Emailing your professor the night before an assignment is due (or even worse, the same day) to ask for an extension is not the best way to present this type of request. Some professors make clear that extensions will not be given and late work not accepted. In my experience, though, this hard line is pretty rare, especially when you have a reason besides procrastination for needing the additional time (and even this reason can sometimes be enough for a professor). If you know you won’t be able to complete an assignment on time, or if you feel your work would be much stronger with just a day or two of additional time, speak to your professor about the possibility of an extension. I suggest going to them in person to ask and explain, but a well-worded email can work, too. In some cases, you won’t know if an extension is possible without taking the time to ask. If your professor does not accept late work, asking for an extension with time to spare is especially important, as they might be willing to make a late work exception even if they won’t give you an extension.
If extra credit is offered, DO IT.
Not all professors offer extra credit opportunities. If you do have the chance to earn extra credit, and the requirement for getting it is easily manageable, do it. Even if it’s early on in the semester and you are doing well in the class so far, you never know what the later assignments might bring. Asking for extra credit at the end of the semester rarely works. If you do poorly on an early assignment, immediately asking about potential extra credit opportunities would be the better way to go. Even if the professor says no, you might at least have gotten them thinking about offering extra credit later on in the semester.
In a similar vein, some professors offer optional assignments. If this is the case in your classes, take advantage of this opportunity even if you are doing well in the class. For example, when teaching ENG 125 last spring, I designed an eight-part major assignment. Students only had to complete four parts, but they had the option of completing more than the number required. The four highest grades for that assignment would be the only ones that counted towards their overall grade. In this way, they could improve their grades without any extra credit options (though I give those, too).
Don’t wait for the end of the semester to ask for help.
While the rest of the advice in this post probably makes this tip really obvious, I thought it important enough to get its own space. In my experience, students often wait until the end of the semester before emailing me asking for advice on how they can improve their course grade the few points they need to higher their grade by a letter (for example, from a B to an A). In my class, the answer to this question is not another extra credit activity. The answer is having slightly higher grades or much higher grades on a few specific assignments. Of course, by the end of the semester, it’s not possible to go back and work harder on these assignments.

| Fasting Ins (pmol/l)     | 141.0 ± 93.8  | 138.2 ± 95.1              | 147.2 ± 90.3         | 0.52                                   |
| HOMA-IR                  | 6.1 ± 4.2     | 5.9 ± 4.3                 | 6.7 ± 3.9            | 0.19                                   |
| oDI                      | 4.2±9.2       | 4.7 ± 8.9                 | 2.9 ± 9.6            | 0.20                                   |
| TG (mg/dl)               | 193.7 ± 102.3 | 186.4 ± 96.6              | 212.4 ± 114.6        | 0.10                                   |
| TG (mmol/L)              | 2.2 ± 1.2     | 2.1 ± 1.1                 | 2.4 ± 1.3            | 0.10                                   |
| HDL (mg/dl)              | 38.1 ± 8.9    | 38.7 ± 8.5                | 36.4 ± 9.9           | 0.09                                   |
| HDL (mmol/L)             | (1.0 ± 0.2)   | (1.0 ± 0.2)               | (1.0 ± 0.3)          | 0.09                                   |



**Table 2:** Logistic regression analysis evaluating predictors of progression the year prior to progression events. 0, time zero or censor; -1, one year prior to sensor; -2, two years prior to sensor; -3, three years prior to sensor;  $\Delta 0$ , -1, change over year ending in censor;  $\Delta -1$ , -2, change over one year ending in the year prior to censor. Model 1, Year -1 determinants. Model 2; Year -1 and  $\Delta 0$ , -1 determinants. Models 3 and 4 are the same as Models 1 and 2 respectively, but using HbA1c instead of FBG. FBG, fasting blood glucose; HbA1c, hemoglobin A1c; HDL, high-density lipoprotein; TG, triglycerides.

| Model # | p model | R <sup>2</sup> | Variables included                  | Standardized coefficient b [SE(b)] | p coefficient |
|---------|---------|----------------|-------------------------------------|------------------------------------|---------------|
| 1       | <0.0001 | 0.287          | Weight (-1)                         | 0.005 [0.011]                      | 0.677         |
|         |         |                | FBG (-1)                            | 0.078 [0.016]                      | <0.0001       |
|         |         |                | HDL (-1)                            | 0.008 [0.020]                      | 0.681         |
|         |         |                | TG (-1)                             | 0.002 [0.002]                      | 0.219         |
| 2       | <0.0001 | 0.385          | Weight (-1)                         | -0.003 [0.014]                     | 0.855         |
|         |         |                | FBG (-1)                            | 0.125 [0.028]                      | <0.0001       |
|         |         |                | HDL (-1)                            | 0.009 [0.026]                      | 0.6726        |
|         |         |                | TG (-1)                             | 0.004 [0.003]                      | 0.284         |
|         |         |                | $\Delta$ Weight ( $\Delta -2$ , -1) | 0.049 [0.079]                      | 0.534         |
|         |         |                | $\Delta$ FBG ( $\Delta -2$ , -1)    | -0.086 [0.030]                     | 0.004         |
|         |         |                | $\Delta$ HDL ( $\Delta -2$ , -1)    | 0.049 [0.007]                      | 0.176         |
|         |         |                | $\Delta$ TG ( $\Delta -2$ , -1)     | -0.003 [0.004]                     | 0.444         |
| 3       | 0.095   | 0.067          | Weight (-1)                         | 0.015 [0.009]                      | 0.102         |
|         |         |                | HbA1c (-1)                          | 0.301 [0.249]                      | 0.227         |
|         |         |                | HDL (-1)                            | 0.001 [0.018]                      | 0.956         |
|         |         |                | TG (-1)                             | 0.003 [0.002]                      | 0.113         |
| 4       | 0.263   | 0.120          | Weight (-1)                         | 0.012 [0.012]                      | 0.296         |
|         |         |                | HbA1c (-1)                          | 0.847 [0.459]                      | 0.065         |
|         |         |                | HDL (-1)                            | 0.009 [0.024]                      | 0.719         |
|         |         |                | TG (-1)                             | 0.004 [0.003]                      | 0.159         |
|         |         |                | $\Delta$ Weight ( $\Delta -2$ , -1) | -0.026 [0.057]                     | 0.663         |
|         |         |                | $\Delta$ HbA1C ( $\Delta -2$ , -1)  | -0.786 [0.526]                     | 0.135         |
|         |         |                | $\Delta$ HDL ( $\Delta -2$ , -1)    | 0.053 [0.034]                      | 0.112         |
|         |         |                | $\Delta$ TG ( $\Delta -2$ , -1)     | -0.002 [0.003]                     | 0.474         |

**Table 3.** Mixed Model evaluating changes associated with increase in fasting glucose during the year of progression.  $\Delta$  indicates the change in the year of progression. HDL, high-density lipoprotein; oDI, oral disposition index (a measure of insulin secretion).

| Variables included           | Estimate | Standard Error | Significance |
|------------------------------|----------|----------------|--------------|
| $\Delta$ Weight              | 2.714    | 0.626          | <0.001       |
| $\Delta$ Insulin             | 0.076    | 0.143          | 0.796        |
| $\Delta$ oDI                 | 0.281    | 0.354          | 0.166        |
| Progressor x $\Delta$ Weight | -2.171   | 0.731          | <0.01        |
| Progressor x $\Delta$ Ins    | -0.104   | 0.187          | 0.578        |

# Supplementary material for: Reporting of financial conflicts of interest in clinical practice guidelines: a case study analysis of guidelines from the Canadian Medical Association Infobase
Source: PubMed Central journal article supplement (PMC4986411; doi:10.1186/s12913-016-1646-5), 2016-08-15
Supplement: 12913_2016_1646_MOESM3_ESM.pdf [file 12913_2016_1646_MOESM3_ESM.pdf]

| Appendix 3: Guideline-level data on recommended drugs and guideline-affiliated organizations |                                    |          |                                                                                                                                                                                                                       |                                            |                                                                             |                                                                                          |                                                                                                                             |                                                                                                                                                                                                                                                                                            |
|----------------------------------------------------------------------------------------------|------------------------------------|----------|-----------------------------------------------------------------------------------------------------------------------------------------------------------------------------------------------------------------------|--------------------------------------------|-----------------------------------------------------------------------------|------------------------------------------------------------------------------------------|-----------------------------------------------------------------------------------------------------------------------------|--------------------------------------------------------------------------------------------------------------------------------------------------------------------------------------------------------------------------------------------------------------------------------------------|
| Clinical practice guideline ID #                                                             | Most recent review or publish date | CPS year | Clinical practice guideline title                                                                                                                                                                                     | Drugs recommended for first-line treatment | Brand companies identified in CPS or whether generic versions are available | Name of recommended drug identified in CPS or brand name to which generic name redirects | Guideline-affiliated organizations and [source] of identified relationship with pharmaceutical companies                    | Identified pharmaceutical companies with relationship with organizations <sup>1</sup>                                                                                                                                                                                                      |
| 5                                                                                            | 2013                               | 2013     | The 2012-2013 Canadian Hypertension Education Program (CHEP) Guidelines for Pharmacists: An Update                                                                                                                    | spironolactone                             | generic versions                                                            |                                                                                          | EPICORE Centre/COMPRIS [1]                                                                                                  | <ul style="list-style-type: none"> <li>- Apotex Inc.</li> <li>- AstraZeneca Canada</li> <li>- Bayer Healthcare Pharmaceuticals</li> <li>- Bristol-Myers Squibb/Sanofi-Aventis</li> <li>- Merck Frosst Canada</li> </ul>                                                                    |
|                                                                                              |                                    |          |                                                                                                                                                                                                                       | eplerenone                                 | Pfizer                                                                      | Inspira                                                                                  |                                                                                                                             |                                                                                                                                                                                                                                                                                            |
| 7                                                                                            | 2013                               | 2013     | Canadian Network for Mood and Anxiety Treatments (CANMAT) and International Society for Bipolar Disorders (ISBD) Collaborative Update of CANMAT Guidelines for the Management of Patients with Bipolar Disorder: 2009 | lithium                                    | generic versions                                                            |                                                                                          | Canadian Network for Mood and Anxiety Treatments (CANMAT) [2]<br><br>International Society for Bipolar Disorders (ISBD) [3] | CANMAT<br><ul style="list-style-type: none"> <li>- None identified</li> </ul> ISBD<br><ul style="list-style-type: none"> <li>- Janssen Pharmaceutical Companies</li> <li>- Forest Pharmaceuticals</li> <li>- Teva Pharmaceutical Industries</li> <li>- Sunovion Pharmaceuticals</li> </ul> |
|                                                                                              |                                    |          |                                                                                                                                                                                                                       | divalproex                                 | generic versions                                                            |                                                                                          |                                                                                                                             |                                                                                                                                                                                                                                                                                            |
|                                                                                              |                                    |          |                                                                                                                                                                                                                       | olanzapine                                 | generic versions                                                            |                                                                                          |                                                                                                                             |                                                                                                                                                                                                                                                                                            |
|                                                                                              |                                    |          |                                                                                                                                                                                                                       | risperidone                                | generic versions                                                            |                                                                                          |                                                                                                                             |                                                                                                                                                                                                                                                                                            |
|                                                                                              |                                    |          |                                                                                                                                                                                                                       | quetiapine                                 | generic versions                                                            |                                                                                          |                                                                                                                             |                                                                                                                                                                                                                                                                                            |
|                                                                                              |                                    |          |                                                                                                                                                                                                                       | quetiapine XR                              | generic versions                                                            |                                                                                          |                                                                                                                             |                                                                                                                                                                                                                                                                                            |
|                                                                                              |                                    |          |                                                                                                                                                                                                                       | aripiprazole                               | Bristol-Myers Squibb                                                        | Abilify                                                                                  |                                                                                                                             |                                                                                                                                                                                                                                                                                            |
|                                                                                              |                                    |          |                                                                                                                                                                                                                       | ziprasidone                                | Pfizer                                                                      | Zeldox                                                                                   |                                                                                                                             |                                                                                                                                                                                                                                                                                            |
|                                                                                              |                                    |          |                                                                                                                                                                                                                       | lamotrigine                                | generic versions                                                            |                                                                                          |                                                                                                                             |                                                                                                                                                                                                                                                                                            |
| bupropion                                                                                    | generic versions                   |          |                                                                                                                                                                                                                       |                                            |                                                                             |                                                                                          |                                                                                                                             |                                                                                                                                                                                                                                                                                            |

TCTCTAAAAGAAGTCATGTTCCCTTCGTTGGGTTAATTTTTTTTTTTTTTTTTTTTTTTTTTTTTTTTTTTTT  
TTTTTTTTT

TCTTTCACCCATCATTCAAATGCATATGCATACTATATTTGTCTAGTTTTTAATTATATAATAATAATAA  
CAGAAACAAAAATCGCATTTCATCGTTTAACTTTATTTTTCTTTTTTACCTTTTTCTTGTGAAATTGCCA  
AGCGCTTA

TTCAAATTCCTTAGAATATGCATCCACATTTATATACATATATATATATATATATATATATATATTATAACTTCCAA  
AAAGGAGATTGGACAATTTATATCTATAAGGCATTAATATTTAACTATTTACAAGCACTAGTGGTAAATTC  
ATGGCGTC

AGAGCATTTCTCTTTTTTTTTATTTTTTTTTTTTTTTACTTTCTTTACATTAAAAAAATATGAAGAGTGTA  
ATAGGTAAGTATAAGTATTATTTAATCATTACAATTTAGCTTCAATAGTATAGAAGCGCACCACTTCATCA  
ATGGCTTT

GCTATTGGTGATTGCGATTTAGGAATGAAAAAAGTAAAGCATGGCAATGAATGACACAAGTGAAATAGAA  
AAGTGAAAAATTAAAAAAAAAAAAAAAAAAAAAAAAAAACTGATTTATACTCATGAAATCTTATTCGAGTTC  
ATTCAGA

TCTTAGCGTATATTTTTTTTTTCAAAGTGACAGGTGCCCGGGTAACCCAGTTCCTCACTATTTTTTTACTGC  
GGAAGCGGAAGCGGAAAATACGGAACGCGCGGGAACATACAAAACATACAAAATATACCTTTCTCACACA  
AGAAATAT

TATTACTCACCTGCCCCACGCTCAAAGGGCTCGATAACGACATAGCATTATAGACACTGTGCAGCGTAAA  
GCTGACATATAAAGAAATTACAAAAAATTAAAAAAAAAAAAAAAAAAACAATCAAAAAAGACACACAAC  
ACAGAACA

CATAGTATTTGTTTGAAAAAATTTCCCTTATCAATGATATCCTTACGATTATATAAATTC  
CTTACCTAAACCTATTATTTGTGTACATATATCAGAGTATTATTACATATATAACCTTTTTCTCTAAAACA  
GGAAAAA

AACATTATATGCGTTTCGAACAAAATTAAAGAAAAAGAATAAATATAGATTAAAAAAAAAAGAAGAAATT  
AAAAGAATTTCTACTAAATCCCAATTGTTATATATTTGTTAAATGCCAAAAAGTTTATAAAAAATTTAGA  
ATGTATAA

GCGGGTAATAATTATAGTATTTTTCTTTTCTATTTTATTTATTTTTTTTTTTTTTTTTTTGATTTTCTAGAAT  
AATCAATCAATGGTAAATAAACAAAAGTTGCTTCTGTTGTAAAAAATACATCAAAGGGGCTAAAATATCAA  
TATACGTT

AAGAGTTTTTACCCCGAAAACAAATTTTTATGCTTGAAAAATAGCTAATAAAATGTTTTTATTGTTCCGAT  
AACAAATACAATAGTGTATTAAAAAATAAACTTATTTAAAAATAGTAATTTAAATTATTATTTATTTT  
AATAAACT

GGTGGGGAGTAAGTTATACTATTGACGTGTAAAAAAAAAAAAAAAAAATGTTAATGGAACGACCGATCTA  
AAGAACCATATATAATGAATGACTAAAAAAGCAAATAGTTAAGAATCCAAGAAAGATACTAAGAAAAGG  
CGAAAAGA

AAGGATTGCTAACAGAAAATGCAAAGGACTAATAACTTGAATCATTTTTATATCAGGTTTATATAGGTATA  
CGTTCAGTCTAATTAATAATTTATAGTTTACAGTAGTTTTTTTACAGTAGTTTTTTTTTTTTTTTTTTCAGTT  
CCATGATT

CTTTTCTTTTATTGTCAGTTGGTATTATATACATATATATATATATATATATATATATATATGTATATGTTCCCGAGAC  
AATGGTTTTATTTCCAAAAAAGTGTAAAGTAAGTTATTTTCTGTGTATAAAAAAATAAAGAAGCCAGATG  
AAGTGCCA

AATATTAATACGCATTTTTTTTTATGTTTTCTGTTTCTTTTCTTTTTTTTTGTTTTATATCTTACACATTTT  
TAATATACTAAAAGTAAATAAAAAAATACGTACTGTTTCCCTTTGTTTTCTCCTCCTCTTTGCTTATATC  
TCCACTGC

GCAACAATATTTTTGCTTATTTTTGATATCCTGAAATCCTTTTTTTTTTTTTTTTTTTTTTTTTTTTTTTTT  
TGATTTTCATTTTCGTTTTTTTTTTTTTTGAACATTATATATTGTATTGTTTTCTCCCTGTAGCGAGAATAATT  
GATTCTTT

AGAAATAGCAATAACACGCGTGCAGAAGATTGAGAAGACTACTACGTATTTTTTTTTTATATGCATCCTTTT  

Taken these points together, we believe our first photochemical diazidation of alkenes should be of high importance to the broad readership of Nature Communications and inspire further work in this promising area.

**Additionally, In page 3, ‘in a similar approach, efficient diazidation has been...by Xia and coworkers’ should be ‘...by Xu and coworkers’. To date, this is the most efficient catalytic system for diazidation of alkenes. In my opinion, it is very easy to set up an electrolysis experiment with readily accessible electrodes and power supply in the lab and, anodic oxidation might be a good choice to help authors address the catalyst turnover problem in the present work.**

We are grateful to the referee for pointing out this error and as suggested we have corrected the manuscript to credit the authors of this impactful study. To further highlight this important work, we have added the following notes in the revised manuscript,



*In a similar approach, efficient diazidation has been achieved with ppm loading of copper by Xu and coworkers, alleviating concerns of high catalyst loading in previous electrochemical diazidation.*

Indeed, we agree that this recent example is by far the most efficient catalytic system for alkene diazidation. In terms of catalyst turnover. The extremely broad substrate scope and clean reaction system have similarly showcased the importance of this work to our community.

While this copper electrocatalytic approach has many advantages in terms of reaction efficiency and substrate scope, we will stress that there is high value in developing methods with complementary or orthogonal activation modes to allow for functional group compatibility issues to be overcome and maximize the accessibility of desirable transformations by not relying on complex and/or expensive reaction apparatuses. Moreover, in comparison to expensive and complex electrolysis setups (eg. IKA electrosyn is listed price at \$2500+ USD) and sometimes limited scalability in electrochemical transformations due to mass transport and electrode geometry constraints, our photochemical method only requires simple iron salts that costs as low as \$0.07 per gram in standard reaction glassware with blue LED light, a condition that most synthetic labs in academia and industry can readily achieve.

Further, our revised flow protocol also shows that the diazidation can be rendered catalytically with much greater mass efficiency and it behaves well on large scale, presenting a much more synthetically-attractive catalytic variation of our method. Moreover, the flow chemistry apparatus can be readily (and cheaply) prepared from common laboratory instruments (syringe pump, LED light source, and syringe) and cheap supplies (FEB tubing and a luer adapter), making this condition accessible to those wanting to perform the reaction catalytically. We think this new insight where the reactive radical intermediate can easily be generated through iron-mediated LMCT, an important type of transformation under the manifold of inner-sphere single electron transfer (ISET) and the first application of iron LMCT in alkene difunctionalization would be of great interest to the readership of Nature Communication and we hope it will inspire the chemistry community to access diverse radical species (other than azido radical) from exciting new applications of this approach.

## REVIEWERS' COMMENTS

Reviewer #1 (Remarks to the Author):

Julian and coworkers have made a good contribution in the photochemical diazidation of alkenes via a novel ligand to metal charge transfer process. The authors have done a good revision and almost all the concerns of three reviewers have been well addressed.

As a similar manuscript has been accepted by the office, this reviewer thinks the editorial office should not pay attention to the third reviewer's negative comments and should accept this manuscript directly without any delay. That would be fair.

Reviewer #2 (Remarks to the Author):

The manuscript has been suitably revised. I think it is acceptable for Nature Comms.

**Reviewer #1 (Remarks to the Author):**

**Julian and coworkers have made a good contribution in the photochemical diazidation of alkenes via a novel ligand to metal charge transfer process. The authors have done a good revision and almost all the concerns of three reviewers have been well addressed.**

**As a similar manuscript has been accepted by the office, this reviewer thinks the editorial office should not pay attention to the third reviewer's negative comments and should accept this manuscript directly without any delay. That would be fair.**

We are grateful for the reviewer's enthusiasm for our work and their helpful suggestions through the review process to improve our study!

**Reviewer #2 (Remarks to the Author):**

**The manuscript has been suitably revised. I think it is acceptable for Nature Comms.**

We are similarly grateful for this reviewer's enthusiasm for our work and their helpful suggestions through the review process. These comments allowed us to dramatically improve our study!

If, however, you don’t do as well as you want on the first of three papers, for example, asking for help on the second paper is likely to result in a higher grade the second time around. And, if you still feel there’s room for improvement, asking for help on the third is an option, as well. I doubt I’m the only teacher who wishes my students came to me more often to ask for feedback or clarification. And even if I were (but I promise I’m not), the whole point of requiring office hours is so that students have a certain amount of time to receive one-on-one attention from their professors. Don’t wait until it’s too late. Get some help before a small issue becomes a big one.
Make a friend in the class with whom you can share notes, questions, study groups, etc.
Situation: You miss a class due to being sick and you don’t know what information or assignments you missed during that class period. What do you do? Answer: Do NOT email your professor and ask if “you missed anything important.” To a professor, everything done in class is important or it wouldn’t be included. So, what do you do instead? Email a classmate and ask 1) for any notes they took, 2) for the homework assignment, 3) for a description of the in-class activities, 4) for any other information shared in class that might not be directly related to the first three topics. If you have a “buddy system” in place for all your classes, then you should be set to never miss an important announcement or assignment. If both of you are absent on the same day, ask another student for the information or meet with your professor in person to ask about what you missed. Having someone who knows what you are working on and who has a reason to pay attention to the same exact stuff you’re learning gives you the chance to always have a sounding board when studying and working for that class.